ROWLAND: Well that is a good question and I think it was very telling that this Government seems to think that we don’t need to future-proof our economy. In a state like Tasmania, one in which we have regions in many cases of chronically high unemployment, where we have an economy that is almost permanently in transition and does unfortunately have that tyranny of distance, we need to make sure that every opportunity is given for every sector of its economy to succeed. Whether it be overseas trade, whether it be trade with other states, they need to have the best quality broadband. And you don’t need to take it from us. You can take it from people such as TakeFlight that we met with today. You can take it from the constituents that we are going to meet with this evening. They deserve the highest quality broadband at the best speeds and it is true that under copper people are not getting the speeds that they have paid for and people have an absolute right to complain about that and get resolution.
MITCHELL: Copper has a limitation inbuilt. The fibre, as far as we know, is unlimited. The real problem for the economy is that we are going into the information age. We’re going from the industrial age to the information age. This is where investment needs to be and it’s just fallen down. Companies like TakeFlight who we spoke to today, going from zero employees to nine employees in a short amount of time; they wouldn’t exist if we didn’t have fibre. So we need as much fibre as we can get into the network. There’s been a real failing that we haven’t had it to date. In Tasmania, what fibre does is reduces the tyranny of distance for Tasmania and allows Tasmanian’s to compete with mainland states and internationally. If we don’t have fibre in our network here we’ll fall further behind.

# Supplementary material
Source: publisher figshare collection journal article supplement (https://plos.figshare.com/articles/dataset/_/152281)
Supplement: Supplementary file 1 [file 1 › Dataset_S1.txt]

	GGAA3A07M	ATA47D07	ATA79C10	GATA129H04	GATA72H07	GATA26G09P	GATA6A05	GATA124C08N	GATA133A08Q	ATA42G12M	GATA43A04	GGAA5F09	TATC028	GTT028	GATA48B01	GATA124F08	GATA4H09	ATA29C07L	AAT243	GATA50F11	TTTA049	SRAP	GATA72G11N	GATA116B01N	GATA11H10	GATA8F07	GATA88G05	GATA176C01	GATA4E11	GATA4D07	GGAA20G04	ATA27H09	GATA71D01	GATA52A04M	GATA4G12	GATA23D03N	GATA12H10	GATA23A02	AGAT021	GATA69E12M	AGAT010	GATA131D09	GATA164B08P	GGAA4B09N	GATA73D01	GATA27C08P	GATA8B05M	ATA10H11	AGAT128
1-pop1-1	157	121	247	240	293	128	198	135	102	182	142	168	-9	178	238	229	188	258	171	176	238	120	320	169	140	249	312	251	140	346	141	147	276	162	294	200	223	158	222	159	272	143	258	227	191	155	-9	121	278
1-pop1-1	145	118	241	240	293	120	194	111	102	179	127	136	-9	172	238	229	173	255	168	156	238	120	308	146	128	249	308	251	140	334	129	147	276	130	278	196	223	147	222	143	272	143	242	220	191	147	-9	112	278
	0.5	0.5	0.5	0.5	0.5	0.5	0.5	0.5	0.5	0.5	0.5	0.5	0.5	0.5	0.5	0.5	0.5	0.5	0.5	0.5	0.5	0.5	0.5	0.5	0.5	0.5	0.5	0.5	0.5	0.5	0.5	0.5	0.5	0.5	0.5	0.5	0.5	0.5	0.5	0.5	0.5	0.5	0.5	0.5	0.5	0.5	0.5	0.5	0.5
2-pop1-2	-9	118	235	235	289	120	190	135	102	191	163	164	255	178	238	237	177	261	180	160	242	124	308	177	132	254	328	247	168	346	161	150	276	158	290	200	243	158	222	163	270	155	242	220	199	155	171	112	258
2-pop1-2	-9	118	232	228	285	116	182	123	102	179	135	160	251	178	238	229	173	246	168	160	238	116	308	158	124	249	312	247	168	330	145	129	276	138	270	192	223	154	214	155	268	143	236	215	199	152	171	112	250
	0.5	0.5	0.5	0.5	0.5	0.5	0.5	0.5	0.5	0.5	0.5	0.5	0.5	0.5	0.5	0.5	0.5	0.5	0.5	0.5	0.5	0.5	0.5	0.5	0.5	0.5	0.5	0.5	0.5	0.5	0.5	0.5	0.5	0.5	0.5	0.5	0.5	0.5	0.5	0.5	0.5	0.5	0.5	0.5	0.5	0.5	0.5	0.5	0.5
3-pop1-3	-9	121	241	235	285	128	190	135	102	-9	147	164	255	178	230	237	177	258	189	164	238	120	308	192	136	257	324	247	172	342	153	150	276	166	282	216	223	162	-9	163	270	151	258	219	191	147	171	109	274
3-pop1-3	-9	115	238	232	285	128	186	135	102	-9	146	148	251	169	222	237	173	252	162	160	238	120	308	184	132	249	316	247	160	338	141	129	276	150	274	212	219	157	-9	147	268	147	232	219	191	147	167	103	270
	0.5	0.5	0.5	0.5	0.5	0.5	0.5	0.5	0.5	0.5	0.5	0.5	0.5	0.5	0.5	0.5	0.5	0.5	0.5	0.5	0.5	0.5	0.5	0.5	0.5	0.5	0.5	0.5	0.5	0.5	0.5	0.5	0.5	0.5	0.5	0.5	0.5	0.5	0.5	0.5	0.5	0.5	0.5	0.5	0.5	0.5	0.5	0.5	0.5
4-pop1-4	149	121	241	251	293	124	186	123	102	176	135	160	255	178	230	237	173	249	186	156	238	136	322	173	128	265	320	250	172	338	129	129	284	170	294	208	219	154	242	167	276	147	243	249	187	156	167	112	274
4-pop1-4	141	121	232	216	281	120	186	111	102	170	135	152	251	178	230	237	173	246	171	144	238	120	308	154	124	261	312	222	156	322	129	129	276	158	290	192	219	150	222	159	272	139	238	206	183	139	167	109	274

JOURNALIST: Obviously there is a significant deficit, and the NBN isn’t cheap. Is it something that we just have to compromise on, you know we can necessarily invest a whole heap of money in?
ROWLAND: Put it this way, Malcolm Turnbull is about to give a tax giveaway worth $64 billion. He initially said that his version of the NBN would cost around $29 billion. Now that’s going up to around $50 billion.
We also know that around the world the cost of fibre rollout is going down and we also know that around the world, including in the UK and New Zealand, the ability to achieve scale is one that is really getting results. So we know that fibre is the here and now and also the future. Copper really is relegated to last century. So when you put it in that context you can see spending $50 billion of taxpayer’s hard-earned to deliver a sub-standard network. We should’ve done it right the first time. And Malcolm Turnbull in his heart of hearts knew fibre was the future. He knew that this country needed to have a future-proofed fibre backbone. And yet, for political reasons he chose to go down the lowest road and relegate Australia to an internet backwater. And again you don’t need to take it from me. You might have seen over the weekend a very prominent article appearing in the New York Times saying Australia is a great place to live, has a great quality of life, but it has one significant failing and that is the quality of its internet.